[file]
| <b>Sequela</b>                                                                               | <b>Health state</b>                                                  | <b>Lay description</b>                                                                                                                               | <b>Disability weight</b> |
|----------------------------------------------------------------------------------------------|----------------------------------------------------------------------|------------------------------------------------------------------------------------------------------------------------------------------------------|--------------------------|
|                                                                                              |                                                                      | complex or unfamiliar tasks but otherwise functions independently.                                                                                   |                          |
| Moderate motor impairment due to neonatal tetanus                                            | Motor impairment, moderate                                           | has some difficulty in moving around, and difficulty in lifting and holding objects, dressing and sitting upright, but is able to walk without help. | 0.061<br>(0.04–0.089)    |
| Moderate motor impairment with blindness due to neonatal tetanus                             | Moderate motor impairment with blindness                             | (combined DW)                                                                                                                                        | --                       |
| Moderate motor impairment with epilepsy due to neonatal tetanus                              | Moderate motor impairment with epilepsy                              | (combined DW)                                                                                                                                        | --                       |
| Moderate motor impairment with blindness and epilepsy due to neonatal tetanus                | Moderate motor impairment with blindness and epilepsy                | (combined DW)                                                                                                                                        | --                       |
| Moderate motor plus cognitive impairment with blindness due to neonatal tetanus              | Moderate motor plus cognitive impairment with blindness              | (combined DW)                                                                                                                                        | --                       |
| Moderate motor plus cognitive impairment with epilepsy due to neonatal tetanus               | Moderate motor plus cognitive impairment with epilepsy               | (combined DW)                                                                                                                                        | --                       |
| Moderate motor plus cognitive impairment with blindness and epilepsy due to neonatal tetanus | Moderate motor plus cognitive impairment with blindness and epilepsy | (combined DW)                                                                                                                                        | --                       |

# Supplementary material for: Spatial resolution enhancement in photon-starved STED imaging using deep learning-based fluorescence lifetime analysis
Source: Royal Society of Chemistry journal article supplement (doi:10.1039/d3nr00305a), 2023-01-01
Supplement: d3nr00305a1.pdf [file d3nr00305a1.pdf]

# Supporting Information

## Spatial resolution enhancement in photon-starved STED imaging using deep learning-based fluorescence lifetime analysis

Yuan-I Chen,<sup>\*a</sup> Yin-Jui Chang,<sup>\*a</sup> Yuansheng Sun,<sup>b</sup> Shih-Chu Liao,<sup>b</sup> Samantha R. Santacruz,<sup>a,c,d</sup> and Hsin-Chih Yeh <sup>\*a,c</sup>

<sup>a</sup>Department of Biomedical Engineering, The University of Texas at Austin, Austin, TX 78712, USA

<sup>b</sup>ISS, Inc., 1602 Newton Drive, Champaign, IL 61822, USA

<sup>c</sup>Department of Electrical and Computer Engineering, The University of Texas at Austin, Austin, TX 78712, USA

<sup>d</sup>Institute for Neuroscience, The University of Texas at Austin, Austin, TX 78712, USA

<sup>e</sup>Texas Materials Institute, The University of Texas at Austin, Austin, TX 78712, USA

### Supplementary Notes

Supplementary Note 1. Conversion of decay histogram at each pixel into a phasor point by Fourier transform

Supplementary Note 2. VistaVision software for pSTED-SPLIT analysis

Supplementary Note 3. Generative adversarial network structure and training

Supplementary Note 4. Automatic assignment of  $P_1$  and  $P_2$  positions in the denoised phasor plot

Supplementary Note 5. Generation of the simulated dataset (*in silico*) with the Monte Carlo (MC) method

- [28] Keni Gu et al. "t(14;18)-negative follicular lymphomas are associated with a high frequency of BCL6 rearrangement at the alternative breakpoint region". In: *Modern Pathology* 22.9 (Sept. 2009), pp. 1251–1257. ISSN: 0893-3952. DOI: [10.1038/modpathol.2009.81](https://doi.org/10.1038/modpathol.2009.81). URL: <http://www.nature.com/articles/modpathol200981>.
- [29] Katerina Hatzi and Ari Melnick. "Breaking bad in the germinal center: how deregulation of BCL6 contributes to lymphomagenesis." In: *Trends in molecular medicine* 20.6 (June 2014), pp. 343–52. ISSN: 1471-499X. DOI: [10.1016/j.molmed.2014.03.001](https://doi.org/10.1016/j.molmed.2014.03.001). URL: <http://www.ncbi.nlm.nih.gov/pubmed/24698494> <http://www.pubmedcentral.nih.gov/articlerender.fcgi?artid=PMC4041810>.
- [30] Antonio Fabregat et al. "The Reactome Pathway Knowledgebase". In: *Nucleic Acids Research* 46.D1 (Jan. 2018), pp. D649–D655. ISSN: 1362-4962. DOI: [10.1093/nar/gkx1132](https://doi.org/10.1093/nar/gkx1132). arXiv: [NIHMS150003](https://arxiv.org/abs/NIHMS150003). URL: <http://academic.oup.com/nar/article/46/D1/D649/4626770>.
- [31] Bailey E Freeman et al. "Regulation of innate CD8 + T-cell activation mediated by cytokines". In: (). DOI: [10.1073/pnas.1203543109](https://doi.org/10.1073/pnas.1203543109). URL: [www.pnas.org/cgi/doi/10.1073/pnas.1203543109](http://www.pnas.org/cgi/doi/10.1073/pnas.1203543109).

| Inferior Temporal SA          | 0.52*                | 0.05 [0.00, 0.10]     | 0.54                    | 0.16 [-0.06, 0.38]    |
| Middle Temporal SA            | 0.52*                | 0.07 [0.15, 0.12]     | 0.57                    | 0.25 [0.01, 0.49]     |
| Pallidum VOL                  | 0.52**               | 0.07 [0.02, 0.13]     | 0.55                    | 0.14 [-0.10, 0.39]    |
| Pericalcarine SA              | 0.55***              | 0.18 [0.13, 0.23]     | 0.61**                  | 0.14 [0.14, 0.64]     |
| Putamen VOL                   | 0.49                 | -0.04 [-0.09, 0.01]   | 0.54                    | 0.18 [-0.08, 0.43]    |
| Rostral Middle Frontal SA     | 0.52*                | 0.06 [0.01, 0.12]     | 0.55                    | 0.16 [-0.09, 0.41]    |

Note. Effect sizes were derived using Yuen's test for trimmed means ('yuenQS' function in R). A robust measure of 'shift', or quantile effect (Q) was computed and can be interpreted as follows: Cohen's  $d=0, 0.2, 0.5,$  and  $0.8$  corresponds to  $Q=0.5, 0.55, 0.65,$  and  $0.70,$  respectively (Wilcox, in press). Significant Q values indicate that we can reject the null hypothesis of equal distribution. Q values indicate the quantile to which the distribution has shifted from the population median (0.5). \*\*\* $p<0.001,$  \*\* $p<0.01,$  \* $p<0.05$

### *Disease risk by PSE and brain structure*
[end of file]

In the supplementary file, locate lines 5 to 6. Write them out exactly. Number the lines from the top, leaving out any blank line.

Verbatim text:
| Moderate motor impairment with blindness due to neonatal tetanus                             | Moderate motor impairment with blindness                             | (combined DW)                                                                                                                                        | --                       |
| Moderate motor impairment with epilepsy due to neonatal tetanus                              | Moderate motor impairment with epilepsy                              | (combined DW)                                                                                                                                        | --                       |